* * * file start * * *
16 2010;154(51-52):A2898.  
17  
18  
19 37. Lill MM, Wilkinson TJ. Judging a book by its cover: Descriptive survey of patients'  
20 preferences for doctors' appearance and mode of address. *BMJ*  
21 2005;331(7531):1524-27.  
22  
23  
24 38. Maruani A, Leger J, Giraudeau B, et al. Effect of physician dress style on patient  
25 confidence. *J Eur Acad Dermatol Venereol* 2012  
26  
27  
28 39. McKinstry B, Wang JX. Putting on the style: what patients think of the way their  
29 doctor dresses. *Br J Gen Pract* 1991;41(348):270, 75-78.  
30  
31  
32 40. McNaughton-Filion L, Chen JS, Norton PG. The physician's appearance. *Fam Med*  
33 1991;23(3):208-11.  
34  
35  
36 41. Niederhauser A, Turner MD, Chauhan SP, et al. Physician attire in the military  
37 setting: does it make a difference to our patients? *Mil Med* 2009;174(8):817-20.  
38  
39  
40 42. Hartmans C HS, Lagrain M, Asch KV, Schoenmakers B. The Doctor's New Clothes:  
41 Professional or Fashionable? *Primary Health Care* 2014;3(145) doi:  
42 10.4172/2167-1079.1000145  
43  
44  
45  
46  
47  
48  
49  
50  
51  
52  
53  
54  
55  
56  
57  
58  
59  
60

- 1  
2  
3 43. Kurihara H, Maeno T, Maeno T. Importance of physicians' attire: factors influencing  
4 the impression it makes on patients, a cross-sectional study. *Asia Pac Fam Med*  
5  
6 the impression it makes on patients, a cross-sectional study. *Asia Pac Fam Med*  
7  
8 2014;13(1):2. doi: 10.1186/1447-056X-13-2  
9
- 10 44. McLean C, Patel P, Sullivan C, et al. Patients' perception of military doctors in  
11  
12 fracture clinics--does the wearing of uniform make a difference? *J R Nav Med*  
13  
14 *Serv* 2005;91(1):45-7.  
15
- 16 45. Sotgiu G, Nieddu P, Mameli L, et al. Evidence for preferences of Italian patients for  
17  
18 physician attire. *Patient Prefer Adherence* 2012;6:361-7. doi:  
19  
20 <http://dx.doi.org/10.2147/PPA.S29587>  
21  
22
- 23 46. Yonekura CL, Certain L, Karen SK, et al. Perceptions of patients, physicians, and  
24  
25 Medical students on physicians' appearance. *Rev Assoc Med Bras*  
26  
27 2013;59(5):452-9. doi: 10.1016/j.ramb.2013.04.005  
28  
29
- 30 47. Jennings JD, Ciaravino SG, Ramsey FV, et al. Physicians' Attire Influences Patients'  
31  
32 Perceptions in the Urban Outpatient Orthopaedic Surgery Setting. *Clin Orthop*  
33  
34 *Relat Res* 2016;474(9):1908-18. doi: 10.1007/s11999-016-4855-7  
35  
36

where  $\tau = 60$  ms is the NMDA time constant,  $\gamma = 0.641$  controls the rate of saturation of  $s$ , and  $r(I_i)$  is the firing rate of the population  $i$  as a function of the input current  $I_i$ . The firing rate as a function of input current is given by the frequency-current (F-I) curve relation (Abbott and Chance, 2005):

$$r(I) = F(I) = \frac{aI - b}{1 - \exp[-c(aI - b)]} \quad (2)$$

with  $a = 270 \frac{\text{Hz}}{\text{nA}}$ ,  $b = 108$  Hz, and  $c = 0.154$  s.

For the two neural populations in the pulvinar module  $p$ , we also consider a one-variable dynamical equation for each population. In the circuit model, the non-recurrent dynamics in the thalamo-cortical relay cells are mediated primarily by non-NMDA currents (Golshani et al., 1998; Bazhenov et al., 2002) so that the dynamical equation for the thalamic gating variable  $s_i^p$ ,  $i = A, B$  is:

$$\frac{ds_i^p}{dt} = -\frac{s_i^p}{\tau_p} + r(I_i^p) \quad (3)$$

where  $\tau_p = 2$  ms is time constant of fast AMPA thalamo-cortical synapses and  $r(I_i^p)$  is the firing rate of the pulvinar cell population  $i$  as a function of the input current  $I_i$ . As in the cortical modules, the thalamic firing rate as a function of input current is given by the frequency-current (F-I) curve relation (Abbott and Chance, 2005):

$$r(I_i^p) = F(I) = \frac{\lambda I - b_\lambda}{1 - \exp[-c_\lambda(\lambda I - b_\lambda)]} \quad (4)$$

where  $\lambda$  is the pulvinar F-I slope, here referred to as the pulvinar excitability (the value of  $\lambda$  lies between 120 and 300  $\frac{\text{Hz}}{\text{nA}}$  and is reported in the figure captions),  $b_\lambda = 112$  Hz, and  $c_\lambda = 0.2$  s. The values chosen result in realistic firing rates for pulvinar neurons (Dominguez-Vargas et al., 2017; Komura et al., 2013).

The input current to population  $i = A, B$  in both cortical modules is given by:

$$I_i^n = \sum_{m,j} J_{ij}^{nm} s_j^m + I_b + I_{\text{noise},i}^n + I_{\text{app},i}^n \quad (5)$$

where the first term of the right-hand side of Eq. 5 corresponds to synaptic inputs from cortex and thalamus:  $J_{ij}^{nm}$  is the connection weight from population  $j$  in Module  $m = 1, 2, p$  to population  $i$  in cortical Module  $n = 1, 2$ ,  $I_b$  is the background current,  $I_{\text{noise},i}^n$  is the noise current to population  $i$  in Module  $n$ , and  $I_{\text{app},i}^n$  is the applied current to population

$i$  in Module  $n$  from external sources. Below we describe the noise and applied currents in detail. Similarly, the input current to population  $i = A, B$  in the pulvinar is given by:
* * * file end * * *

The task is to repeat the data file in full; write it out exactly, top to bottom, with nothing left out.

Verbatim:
16 2010;154(51-52):A2898.  
17  
18  
19 37. Lill MM, Wilkinson TJ. Judging a book by its cover: Descriptive survey of patients'  
20 preferences for doctors' appearance and mode of address. *BMJ*  
21 2005;331(7531):1524-27.  
22  
23  
24 38. Maruani A, Leger J, Giraudeau B, et al. Effect of physician dress style on patient  
25 confidence. *J Eur Acad Dermatol Venereol* 2012  
26  
27  
28 39. McKinstry B, Wang JX. Putting on the style: what patients think of the way their  
29 doctor dresses. *Br J Gen Pract* 1991;41(348):270, 75-78.  
30  
31  
32 40. McNaughton-Filion L, Chen JS, Norton PG. The physician's appearance. *Fam Med*  
33 1991;23(3):208-11.  
34  
35  
36 41. Niederhauser A, Turner MD, Chauhan SP, et al. Physician attire in the military  
37 setting: does it make a difference to our patients? *Mil Med* 2009;174(8):817-20.  
38  
39  
40 42. Hartmans C HS, Lagrain M, Asch KV, Schoenmakers B. The Doctor's New Clothes:  
41 Professional or Fashionable? *Primary Health Care* 2014;3(145) doi:  
42 10.4172/2167-1079.1000145  
43  
44  
45  
46  
47  
48  
49  
50  
51  
52  
53  
54  
55  
56  
57  
58  
59  
60

- 1  
2  
3 43. Kurihara H, Maeno T, Maeno T. Importance of physicians' attire: factors influencing  
4 the impression it makes on patients, a cross-sectional study. *Asia Pac Fam Med*  
5  
6 the impression it makes on patients, a cross-sectional study. *Asia Pac Fam Med*  
7  
8 2014;13(1):2. doi: 10.1186/1447-056X-13-2  
9
- 10 44. McLean C, Patel P, Sullivan C, et al. Patients' perception of military doctors in  
11  
12 fracture clinics--does the wearing of uniform make a difference? *J R Nav Med*  
13  
14 *Serv* 2005;91(1):45-7.  
15
- 16 45. Sotgiu G, Nieddu P, Mameli L, et al. Evidence for preferences of Italian patients for  
17  
18 physician attire. *Patient Prefer Adherence* 2012;6:361-7. doi:  
19  
20 <http://dx.doi.org/10.2147/PPA.S29587>  
21  
22
- 23 46. Yonekura CL, Certain L, Karen SK, et al. Perceptions of patients, physicians, and  
24  
25 Medical students on physicians' appearance. *Rev Assoc Med Bras*  
26  
27 2013;59(5):452-9. doi: 10.1016/j.ramb.2013.04.005  
28  
29
- 30 47. Jennings JD, Ciaravino SG, Ramsey FV, et al. Physicians' Attire Influences Patients'  
31  
32 Perceptions in the Urban Outpatient Orthopaedic Surgery Setting. *Clin Orthop*  
33  
34 *Relat Res* 2016;474(9):1908-18. doi: 10.1007/s11999-016-4855-7  
35  
36

where  $\tau = 60$  ms is the NMDA time constant,  $\gamma = 0.641$  controls the rate of saturation of  $s$ , and  $r(I_i)$  is the firing rate of the population  $i$  as a function of the input current  $I_i$ . The firing rate as a function of input current is given by the frequency-current (F-I) curve relation (Abbott and Chance, 2005):

$$r(I) = F(I) = \frac{aI - b}{1 - \exp[-c(aI - b)]} \quad (2)$$

with  $a = 270 \frac{\text{Hz}}{\text{nA}}$ ,  $b = 108$  Hz, and  $c = 0.154$  s.

For the two neural populations in the pulvinar module  $p$ , we also consider a one-variable dynamical equation for each population. In the circuit model, the non-recurrent dynamics in the thalamo-cortical relay cells are mediated primarily by non-NMDA currents (Golshani et al., 1998; Bazhenov et al., 2002) so that the dynamical equation for the thalamic gating variable  $s_i^p$ ,  $i = A, B$  is:

$$\frac{ds_i^p}{dt} = -\frac{s_i^p}{\tau_p} + r(I_i^p) \quad (3)$$

where  $\tau_p = 2$  ms is time constant of fast AMPA thalamo-cortical synapses and  $r(I_i^p)$  is the firing rate of the pulvinar cell population  $i$  as a function of the input current  $I_i$ . As in the cortical modules, the thalamic firing rate as a function of input current is given by the frequency-current (F-I) curve relation (Abbott and Chance, 2005):

$$r(I_i^p) = F(I) = \frac{\lambda I - b_\lambda}{1 - \exp[-c_\lambda(\lambda I - b_\lambda)]} \quad (4)$$

where  $\lambda$  is the pulvinar F-I slope, here referred to as the pulvinar excitability (the value of  $\lambda$  lies between 120 and 300  $\frac{\text{Hz}}{\text{nA}}$  and is reported in the figure captions),  $b_\lambda = 112$  Hz, and  $c_\lambda = 0.2$  s. The values chosen result in realistic firing rates for pulvinar neurons (Dominguez-Vargas et al., 2017; Komura et al., 2013).

The input current to population  $i = A, B$  in both cortical modules is given by:

$$I_i^n = \sum_{m,j} J_{ij}^{nm} s_j^m + I_b + I_{\text{noise},i}^n + I_{\text{app},i}^n \quad (5)$$

where the first term of the right-hand side of Eq. 5 corresponds to synaptic inputs from cortex and thalamus:  $J_{ij}^{nm}$  is the connection weight from population  $j$  in Module  $m = 1, 2, p$  to population  $i$  in cortical Module  $n = 1, 2$ ,  $I_b$  is the background current,  $I_{\text{noise},i}^n$  is the noise current to population  $i$  in Module  $n$ , and  $I_{\text{app},i}^n$  is the applied current to population

$i$  in Module  $n$  from external sources. Below we describe the noise and applied currents in detail. Similarly, the input current to population  $i = A, B$  in the pulvinar is given by: